Look at each stakeholder’s perspective

Every month, when I receive my credit card bills, I would almost immediately go to the internet and post-date the payment to 1-2 days before date due, and make sure that the bill is paid in full. As far as I am concerned, I am a AAA-customer of the bank. My question is – does the bank like me? Well, not quite. Why? Simple. The bank cannot derive a profit out of me. The bank is there to make a profit, and if it cannot earn a profit out from me, I am quite sure I am not its best customer. In fact, the best customers for the bank are the ones that only pay interest without any default, and not even those that pay up part of the principal sum, let alone those that pay the full principal sum. From my perspective, the bank views me just as a credit-worthy customer and not a profitable customer. Of course, the bank will not deprive me for being a credit card customer because it still needs to maintain a healthy ratio of those who pay on time and those who only pay part of the principal sum. What is my point here? A bank’s perspective can be different from its customer’s perspective. 

 

In a similar way, a bank’s interest in lending to corporate may be different from a retail bond-holder’s interest even though both are lenders to the same company. Banks minimise their risk by securing physical assets as collaterals. That’s why they are in the business of secured lending. Given that banks have already secured the assets, their primary interest would be to achieve profitability when they lend out the funds. However, that cannot be said for an unsecured lender in retail bonds. The primary objective of an unsecured lender should, in my opinion, to focus on the risk to ensure than principal sum is protected and be returned with interest when it is lent out. However, very often, the promise of high returns tends to blind us. If we do not analyse a bit deeper, we may miss the whole picture altogether.   In fact, following the default of Swiber, several companies (need not mention them) had met with bondholders or note-holders to re-structure their debts as well as to change the payment conditions that come along with it. To get the bondholders’ support, companies very often have to make higher promises. However, higher promises do not mean safer promises in future. In fact, it could put the company’s financial future at risk due to the higher promise. One pertinent question is – how can we be so sure that the business environment in the future will be better than it is now?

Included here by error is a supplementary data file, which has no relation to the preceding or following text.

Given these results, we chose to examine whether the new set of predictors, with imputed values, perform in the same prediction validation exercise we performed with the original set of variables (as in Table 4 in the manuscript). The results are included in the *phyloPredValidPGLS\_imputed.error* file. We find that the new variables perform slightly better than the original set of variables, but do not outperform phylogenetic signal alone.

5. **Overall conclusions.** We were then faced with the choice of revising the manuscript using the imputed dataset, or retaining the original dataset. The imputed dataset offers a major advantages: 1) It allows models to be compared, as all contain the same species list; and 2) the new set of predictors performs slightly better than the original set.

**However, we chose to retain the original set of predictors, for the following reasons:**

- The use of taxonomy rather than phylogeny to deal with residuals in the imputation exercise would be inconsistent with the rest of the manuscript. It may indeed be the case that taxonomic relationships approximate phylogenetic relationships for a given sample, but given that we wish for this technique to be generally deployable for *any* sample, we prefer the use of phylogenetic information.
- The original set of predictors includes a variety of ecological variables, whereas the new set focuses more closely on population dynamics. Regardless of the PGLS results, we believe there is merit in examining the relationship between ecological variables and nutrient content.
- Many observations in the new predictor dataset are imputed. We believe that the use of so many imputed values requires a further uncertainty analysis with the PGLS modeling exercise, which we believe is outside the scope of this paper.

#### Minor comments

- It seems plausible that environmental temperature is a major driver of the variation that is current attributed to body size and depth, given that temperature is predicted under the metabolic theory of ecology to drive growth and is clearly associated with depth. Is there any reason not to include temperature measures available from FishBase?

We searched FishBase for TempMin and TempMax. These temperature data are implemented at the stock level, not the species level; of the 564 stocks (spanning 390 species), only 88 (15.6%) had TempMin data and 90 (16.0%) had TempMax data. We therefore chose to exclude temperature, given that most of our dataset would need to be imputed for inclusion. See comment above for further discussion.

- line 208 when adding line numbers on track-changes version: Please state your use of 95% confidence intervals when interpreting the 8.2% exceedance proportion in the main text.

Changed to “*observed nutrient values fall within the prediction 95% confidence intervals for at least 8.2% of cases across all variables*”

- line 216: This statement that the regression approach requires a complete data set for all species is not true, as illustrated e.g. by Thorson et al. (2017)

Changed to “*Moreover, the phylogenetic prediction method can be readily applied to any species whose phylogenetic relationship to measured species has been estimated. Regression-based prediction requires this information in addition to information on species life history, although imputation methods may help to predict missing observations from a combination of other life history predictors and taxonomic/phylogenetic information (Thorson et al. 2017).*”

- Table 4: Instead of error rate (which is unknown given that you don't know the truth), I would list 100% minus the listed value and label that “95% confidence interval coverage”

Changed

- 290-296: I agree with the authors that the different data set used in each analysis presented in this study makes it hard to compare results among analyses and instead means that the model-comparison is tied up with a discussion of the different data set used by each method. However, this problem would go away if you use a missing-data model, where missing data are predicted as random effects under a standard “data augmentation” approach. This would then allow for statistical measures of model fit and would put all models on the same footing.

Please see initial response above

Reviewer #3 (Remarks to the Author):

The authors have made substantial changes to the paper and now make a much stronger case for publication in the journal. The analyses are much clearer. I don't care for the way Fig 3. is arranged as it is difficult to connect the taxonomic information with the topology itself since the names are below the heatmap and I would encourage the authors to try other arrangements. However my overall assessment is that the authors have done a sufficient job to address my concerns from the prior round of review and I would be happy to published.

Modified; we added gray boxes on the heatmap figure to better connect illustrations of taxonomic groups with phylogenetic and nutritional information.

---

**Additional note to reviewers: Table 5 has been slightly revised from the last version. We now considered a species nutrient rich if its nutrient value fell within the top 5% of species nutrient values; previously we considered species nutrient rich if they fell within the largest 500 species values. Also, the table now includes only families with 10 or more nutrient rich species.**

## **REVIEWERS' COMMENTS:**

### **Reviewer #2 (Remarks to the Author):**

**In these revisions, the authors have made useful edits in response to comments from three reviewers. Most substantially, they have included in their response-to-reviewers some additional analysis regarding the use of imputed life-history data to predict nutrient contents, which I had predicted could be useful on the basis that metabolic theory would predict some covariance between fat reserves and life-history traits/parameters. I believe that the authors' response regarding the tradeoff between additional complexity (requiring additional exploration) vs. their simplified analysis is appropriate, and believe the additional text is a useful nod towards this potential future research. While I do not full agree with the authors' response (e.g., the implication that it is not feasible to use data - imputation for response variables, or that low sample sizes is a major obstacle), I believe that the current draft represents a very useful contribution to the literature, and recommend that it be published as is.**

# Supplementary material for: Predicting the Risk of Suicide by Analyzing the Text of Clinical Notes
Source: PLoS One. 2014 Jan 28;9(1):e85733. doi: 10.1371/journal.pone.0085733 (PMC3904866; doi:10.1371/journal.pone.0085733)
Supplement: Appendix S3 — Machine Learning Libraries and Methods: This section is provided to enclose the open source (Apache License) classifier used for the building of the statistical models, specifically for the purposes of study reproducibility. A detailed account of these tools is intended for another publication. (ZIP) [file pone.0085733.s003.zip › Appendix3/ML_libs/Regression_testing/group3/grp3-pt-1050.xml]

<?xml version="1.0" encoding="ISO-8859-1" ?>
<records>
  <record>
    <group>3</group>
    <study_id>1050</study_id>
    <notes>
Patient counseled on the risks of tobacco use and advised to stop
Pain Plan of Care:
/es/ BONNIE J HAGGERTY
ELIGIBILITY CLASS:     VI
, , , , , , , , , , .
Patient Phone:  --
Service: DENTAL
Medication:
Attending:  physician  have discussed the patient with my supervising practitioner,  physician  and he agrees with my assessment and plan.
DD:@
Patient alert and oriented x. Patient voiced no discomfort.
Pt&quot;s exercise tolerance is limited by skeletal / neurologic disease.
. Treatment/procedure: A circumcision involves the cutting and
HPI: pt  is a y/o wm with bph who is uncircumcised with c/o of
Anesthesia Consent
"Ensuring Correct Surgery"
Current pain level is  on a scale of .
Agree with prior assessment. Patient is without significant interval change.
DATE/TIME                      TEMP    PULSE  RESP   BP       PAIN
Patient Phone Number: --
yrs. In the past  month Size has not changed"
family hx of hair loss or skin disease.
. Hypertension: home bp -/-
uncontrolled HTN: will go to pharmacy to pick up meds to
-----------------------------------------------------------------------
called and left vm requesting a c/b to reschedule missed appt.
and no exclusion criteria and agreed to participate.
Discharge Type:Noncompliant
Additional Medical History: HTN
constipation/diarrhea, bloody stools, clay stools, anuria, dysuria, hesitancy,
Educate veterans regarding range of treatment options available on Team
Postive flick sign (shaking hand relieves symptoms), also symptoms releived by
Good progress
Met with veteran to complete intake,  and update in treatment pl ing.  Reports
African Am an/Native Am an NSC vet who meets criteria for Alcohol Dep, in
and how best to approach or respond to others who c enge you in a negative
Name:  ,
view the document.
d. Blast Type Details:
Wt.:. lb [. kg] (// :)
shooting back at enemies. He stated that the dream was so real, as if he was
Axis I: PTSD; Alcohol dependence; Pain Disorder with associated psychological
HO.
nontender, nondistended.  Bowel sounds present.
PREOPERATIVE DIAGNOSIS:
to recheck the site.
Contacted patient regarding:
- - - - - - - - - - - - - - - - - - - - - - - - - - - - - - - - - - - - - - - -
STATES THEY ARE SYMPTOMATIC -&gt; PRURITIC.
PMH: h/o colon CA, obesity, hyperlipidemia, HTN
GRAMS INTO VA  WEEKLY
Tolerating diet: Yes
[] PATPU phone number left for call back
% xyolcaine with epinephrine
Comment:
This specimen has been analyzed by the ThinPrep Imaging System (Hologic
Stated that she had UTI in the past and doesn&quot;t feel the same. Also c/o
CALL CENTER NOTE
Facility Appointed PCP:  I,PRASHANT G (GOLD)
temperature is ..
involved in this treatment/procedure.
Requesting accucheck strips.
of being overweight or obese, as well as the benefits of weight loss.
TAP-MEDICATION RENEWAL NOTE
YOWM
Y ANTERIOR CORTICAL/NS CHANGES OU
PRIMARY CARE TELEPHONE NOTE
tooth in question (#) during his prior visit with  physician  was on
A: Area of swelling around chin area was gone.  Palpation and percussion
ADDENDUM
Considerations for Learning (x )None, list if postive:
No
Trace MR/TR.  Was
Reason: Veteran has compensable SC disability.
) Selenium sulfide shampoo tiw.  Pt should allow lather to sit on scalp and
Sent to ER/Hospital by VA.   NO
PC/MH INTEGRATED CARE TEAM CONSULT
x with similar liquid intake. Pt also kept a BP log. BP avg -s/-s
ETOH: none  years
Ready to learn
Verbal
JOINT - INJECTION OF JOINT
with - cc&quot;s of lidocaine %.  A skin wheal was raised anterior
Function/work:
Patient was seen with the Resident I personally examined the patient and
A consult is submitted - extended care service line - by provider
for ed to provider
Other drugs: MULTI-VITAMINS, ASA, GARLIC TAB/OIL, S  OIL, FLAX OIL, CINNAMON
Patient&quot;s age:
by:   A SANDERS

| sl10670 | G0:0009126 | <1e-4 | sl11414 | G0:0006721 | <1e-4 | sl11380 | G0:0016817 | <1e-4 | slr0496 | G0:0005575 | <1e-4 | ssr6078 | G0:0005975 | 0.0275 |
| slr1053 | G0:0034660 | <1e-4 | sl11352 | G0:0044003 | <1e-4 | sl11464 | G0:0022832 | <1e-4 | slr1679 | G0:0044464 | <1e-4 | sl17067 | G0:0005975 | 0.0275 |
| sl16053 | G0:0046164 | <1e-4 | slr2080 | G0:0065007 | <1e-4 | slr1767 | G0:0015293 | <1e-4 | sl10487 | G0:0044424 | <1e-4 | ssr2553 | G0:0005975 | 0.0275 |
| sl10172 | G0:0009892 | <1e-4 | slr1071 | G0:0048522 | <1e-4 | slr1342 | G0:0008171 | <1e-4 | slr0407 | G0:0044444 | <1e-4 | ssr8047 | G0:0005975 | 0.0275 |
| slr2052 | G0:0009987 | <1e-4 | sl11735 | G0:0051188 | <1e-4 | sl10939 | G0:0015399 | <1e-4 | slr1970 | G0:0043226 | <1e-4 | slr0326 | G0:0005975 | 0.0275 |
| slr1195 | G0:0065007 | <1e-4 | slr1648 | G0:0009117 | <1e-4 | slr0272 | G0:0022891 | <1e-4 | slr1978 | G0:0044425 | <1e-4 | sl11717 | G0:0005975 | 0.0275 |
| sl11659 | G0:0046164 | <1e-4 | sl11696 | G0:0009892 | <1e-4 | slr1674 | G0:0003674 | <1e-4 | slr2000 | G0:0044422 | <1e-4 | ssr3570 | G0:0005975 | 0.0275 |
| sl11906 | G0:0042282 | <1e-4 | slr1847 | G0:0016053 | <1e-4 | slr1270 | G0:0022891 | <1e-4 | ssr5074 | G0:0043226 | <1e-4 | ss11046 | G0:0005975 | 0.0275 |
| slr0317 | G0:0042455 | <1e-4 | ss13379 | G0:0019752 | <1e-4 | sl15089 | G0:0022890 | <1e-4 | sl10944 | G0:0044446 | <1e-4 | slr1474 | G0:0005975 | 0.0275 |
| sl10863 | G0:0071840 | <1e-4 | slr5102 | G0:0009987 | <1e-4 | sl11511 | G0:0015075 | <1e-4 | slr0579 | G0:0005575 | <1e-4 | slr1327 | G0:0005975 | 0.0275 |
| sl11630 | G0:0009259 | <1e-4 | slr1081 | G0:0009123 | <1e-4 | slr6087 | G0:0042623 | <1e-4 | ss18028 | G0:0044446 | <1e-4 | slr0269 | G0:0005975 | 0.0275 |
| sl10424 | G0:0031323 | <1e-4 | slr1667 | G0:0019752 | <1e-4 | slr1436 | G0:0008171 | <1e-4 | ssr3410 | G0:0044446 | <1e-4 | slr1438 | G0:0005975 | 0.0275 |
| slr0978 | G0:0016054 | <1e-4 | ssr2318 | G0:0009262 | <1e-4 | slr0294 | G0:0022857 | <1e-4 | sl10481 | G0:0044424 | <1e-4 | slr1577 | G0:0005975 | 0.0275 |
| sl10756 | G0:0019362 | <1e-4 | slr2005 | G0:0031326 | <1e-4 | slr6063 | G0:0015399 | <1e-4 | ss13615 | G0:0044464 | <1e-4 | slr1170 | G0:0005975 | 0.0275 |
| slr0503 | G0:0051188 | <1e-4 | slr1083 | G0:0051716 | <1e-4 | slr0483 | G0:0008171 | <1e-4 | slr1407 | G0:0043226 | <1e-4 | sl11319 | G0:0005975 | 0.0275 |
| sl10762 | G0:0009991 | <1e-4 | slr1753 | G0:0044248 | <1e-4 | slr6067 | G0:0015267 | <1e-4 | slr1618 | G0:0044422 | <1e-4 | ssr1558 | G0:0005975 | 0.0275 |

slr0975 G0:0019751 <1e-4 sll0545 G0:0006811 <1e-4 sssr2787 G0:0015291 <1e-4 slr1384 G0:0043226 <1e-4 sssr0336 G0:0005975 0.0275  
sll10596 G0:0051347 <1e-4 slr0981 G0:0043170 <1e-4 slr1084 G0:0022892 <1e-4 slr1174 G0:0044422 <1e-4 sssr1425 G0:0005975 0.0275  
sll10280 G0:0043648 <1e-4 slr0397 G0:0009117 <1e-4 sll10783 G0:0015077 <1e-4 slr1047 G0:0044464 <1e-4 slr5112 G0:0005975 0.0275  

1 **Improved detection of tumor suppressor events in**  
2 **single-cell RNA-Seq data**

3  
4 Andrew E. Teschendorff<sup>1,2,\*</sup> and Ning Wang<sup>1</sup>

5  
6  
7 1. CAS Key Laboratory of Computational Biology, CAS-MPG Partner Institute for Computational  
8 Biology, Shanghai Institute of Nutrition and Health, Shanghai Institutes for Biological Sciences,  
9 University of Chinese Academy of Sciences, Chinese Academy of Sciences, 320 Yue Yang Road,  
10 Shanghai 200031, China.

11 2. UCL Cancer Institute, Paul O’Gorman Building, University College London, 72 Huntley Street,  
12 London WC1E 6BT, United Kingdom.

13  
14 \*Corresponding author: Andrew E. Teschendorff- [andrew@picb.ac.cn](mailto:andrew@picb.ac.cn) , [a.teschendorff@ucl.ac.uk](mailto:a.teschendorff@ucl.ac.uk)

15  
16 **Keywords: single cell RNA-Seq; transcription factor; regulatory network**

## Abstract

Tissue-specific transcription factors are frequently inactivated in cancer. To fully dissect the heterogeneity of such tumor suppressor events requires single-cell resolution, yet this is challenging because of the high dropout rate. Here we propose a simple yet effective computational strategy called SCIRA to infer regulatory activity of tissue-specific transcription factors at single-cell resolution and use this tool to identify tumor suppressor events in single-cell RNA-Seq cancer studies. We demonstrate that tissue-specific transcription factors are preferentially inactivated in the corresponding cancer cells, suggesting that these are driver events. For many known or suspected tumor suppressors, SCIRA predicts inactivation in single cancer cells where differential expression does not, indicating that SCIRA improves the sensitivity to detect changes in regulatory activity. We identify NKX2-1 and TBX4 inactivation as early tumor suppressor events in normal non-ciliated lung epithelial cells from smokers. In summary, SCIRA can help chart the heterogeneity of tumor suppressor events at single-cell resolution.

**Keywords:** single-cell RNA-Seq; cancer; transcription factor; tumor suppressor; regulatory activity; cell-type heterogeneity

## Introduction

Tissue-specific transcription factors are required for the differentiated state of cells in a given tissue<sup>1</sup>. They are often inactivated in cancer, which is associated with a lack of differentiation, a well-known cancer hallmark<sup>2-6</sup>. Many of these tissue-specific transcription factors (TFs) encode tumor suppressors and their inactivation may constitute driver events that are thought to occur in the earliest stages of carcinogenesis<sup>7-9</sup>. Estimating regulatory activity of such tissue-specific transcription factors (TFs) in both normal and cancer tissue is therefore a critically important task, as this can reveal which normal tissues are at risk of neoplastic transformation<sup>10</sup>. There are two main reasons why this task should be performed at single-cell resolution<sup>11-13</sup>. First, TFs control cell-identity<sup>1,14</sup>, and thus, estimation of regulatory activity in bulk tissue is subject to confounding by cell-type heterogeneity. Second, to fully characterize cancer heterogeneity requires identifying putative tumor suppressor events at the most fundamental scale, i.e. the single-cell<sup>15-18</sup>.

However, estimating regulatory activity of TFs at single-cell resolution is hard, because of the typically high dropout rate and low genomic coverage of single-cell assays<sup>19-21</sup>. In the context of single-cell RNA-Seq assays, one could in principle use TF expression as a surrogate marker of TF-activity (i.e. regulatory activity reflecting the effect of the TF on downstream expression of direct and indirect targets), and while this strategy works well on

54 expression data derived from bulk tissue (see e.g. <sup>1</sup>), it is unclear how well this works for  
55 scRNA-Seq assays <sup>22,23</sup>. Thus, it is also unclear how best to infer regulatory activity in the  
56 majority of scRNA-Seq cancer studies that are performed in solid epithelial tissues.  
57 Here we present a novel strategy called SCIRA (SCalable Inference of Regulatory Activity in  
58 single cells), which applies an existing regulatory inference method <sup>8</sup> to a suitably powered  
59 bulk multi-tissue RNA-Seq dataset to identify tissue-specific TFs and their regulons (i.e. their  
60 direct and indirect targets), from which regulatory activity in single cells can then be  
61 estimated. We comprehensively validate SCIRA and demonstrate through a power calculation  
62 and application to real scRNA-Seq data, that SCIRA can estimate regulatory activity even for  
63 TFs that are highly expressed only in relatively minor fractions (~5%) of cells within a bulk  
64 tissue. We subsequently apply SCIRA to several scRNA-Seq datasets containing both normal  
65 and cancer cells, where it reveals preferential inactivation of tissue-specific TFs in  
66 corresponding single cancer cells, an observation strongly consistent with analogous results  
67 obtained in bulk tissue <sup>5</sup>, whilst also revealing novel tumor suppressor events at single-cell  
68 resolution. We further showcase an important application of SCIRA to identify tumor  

Unfortunately for the bondholders or even shareholders, we do not have much say in the company executive matters except to raise some concerns. By the time, when such a meeting is called upon to discuss the re-structuring of debt payment, the damage is often already done.

For investors, whether we enter an investment as a bondholder or as a shareholder, doing it right first time is of prime importance. The effort needed to back-track is often arduous and painful.

Good luck.    

Brennen has been investing in the stock market for 26 years. He trains occasionally and is a managing partner for BP Wealth Learning Centre. He is also the author of the book – “Building Wealth Together Through Stocks” which is available in both soft and hardcopy.